An aneurysm in the lower part of the aorta can grow slowly and silently. Know the symptoms of this dangerous condition and the treatment.
An abdominal aortic aneurysm is an enlarged area in the lower part of the body's main artery, called the aorta. The aorta runs from the heart through the center of the chest and belly area, called the abdomen.
The aorta is the largest blood vessel in the body. An abdominal aortic aneurysm that ruptures can cause life-threatening bleeding.
Treatment depends on the size of the aneurysm and how fast it's growing. Treatment varies from regular health checkups and imaging tests to emergency surgery.
An abdominal aortic aneurysm occurs when a lower part of the body's main artery, called the aorta, becomes weakened and bulges.
Abdominal aortic aneurysms often grow slowly without noticeable symptoms. This makes them difficult to detect. Some aneurysms never rupture. Many start small and stay small. Others grow larger over time, sometimes quickly.
If you have a growing abdominal aortic aneurysm, you might notice:
If you have pain, especially if pain is sudden and severe, seek medical help right away.
Aneurysms can develop anywhere along the aorta. Most aortic aneurysms occur in the part of the aorta that's in the belly area, called the abdomen. Several things can lead to the development of an abdominal aortic aneurysm, including:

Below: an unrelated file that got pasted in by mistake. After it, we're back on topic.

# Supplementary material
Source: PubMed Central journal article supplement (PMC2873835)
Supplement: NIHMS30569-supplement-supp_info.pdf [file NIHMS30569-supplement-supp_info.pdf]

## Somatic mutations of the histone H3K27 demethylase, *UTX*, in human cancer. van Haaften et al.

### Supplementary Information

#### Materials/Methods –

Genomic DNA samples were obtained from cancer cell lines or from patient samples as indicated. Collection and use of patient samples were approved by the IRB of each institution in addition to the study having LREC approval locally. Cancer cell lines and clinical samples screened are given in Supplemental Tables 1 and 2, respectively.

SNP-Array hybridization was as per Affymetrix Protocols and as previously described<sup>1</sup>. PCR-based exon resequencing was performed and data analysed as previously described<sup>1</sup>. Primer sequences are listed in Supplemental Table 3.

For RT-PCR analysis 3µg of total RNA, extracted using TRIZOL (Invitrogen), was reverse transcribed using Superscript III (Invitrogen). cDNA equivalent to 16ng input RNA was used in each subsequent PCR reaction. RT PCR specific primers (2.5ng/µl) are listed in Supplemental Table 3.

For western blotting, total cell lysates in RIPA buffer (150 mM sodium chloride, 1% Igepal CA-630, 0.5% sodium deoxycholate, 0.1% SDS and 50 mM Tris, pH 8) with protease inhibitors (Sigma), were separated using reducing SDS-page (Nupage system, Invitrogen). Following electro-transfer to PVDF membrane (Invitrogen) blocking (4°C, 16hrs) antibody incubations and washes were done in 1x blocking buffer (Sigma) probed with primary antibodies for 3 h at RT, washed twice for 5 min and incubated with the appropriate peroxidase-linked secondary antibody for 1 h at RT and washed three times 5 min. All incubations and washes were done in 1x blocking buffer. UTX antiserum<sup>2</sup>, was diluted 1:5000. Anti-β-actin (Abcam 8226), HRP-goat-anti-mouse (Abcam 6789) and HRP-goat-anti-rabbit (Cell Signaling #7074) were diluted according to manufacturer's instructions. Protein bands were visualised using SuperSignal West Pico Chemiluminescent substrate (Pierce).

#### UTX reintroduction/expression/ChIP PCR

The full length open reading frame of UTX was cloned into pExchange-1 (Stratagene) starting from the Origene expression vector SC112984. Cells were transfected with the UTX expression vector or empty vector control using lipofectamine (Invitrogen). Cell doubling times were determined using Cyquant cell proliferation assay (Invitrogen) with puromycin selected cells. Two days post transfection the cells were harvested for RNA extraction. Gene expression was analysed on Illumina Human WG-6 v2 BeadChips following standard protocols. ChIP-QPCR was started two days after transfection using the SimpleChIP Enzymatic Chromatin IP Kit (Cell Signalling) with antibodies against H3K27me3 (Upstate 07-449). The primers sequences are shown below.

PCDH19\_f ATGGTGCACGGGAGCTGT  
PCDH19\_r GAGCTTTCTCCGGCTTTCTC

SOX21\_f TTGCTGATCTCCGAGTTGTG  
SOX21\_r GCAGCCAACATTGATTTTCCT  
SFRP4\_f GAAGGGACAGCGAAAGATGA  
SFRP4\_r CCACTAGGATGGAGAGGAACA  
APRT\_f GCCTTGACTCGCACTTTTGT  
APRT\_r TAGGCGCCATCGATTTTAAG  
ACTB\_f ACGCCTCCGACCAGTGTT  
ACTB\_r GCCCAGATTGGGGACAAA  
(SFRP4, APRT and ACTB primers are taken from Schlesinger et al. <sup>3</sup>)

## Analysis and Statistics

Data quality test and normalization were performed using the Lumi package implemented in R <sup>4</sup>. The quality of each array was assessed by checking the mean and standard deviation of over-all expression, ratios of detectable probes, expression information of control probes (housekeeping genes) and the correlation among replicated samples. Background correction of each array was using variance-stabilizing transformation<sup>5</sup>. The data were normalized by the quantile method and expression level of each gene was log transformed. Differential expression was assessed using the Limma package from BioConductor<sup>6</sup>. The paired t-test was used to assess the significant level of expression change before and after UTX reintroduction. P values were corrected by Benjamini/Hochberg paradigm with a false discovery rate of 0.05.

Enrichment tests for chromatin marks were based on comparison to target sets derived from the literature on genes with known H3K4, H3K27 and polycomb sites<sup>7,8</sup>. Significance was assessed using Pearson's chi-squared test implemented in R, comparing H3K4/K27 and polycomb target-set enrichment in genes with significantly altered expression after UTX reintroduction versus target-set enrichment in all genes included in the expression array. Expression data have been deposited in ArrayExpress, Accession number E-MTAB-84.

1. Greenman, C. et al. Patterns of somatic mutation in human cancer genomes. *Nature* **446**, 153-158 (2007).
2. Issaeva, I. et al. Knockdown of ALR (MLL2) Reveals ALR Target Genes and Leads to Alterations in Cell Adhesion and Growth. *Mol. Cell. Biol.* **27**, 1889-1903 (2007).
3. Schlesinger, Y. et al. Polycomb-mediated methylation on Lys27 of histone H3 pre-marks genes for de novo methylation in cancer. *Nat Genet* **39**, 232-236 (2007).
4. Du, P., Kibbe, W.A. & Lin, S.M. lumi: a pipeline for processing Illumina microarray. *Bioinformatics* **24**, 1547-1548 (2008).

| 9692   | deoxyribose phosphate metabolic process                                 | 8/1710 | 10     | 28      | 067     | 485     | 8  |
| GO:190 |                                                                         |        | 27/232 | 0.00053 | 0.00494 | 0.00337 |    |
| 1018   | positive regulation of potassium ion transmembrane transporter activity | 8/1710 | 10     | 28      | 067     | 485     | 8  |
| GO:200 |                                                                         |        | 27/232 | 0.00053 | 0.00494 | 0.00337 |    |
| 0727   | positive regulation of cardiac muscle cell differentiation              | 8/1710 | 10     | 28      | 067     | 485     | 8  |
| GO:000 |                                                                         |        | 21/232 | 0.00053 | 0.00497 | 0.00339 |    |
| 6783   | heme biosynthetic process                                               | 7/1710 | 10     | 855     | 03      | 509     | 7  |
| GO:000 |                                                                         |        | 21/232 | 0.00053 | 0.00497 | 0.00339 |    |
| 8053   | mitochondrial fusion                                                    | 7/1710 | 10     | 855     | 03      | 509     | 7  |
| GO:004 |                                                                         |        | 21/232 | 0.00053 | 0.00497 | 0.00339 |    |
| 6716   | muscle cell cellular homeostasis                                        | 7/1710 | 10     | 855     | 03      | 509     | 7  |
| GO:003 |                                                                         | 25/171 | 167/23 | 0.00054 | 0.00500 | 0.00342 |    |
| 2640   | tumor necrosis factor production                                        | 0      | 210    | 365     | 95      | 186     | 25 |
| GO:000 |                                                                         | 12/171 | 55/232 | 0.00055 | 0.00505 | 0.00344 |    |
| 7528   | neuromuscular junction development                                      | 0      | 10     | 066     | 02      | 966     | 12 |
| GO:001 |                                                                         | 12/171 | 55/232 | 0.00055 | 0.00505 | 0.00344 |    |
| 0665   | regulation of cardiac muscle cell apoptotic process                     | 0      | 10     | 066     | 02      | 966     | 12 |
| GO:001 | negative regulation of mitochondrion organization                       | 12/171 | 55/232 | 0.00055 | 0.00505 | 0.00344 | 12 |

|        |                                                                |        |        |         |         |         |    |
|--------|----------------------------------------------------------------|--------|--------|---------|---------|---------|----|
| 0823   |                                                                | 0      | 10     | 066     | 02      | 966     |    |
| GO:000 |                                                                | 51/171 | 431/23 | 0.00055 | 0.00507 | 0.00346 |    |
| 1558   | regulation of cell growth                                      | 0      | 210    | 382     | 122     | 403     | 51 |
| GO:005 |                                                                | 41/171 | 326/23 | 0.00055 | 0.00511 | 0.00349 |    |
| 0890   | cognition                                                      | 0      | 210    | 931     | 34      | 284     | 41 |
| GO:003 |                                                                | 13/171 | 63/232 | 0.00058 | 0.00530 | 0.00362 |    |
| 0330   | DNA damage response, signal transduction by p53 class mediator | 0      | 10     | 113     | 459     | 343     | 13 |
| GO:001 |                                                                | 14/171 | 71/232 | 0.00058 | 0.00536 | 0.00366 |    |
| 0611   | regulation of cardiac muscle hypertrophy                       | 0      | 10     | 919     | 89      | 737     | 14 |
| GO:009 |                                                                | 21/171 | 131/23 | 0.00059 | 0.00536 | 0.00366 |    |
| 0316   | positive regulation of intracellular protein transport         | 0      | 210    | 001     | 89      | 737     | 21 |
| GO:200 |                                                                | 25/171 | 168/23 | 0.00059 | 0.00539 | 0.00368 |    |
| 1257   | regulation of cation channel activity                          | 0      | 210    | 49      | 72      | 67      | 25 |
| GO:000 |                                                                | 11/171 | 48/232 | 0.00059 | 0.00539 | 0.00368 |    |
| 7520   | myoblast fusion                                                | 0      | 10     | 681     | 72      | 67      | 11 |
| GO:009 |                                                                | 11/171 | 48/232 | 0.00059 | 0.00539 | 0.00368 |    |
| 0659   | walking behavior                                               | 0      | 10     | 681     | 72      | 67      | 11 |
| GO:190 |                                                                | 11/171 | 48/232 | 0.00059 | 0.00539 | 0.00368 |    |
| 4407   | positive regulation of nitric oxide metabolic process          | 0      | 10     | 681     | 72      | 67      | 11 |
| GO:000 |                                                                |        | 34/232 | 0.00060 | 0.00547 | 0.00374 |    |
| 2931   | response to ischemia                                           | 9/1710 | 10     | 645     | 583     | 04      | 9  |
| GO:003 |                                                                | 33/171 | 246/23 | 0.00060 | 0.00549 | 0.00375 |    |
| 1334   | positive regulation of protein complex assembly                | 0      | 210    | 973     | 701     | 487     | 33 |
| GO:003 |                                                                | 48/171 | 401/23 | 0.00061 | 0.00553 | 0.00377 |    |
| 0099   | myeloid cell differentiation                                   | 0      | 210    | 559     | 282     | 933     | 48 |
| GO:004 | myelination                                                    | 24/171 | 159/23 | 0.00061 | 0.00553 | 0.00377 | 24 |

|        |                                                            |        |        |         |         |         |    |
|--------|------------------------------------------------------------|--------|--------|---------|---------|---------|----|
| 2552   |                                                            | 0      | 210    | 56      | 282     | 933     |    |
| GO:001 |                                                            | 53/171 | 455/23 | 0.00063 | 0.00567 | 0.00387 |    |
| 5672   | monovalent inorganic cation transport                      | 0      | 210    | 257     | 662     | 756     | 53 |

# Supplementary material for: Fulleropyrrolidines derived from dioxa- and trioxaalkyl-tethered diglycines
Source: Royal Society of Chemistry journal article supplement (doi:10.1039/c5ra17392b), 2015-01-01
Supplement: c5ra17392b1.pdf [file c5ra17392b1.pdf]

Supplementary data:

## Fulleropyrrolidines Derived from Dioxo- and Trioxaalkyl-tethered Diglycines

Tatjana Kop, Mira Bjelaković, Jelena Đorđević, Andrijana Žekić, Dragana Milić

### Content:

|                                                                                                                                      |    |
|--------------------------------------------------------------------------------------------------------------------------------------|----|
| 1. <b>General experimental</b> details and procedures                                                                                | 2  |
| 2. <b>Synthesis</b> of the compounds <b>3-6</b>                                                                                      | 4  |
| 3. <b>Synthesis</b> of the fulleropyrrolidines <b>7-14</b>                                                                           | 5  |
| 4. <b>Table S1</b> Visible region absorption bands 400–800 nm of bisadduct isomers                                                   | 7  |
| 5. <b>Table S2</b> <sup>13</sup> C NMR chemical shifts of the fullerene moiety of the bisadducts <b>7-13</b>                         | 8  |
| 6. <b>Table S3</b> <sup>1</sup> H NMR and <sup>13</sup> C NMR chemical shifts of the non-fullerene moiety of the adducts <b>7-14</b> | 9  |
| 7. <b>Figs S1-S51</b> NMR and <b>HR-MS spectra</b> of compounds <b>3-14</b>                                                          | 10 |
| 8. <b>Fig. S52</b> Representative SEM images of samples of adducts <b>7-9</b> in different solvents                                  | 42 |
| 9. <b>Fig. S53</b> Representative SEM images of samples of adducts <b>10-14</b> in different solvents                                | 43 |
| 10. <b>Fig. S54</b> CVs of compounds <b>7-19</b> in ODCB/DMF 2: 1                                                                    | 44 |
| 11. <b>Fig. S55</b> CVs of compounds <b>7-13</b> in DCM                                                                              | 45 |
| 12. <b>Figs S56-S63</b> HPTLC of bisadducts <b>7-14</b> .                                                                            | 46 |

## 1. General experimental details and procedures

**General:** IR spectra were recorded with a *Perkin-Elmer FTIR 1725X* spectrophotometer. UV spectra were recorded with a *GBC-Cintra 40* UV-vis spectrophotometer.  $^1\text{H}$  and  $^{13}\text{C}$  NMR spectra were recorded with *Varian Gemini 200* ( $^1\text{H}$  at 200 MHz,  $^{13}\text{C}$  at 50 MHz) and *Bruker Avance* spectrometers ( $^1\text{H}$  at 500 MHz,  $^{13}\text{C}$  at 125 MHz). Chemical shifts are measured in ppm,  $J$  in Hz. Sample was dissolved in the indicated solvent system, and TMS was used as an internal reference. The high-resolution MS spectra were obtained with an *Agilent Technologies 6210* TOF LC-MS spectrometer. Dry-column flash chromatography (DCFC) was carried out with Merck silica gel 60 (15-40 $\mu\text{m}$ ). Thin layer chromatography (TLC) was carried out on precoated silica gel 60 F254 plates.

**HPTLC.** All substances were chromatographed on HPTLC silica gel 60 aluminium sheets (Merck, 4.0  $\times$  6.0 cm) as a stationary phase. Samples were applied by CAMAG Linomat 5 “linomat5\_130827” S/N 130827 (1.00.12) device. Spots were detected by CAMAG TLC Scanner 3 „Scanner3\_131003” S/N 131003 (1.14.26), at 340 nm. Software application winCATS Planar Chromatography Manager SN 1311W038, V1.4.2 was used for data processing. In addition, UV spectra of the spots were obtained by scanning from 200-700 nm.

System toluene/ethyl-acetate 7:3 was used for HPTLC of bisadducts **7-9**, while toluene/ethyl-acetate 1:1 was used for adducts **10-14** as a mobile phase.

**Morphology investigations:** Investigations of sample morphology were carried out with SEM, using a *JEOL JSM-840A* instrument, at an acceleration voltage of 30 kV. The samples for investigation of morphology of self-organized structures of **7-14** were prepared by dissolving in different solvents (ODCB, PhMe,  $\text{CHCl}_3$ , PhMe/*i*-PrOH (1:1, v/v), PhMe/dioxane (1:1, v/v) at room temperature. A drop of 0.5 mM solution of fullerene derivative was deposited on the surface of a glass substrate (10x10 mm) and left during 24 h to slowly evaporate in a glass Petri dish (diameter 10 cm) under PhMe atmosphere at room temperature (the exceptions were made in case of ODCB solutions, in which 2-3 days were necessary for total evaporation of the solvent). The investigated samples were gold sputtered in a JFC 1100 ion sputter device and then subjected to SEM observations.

Abdominal aortic aneurysm risk factors include:
If you're at risk of an aortic aneurysm, medicines may be given to lower your blood pressure and relieve stress on weakened arteries.
Complications of abdominal aortic aneurysms include:
A rupture can cause life-threatening internal bleeding. In general, the larger the aneurysm and the faster it grows, the greater the risk of rupture.
Symptoms that an aortic aneurysm has ruptured can include:
Aortic aneurysms also increase the risk of developing blood clots in the area. If a blood clot breaks loose from the inside wall of an aneurysm, it can block a blood vessel elsewhere in the body. Symptoms of a blocked blood vessel may include pain or reduced blood flow to the legs, toes, kidneys or belly area.
To prevent an abdominal aortic aneurysm or to keep one from worsening, do the following:
Abdominal aortic aneurysms are often found when a physical exam or imaging test is done for another reason.
To diagnose an abdominal aortic aneurysm, the health care provider examines you and reviews your medical and family history.
Tests to diagnose an abdominal aortic aneurysm include:
During some CT and MRI scans, a liquid called contrast may be given through a vein to make the blood vessels show up more clearly on the images.
Being male and smoking significantly increase the risk of abdominal aortic aneurysm. Screening recommendations vary, but in general:
Women who have never smoked generally don't need to be screened for abdominal aortic aneurysm. There isn't enough evidence to say whether women ages 65 to 75 with a history of smoking or a family history of abdominal aortic aneurysm benefit from screening. Ask your health care provider if screening is right for you.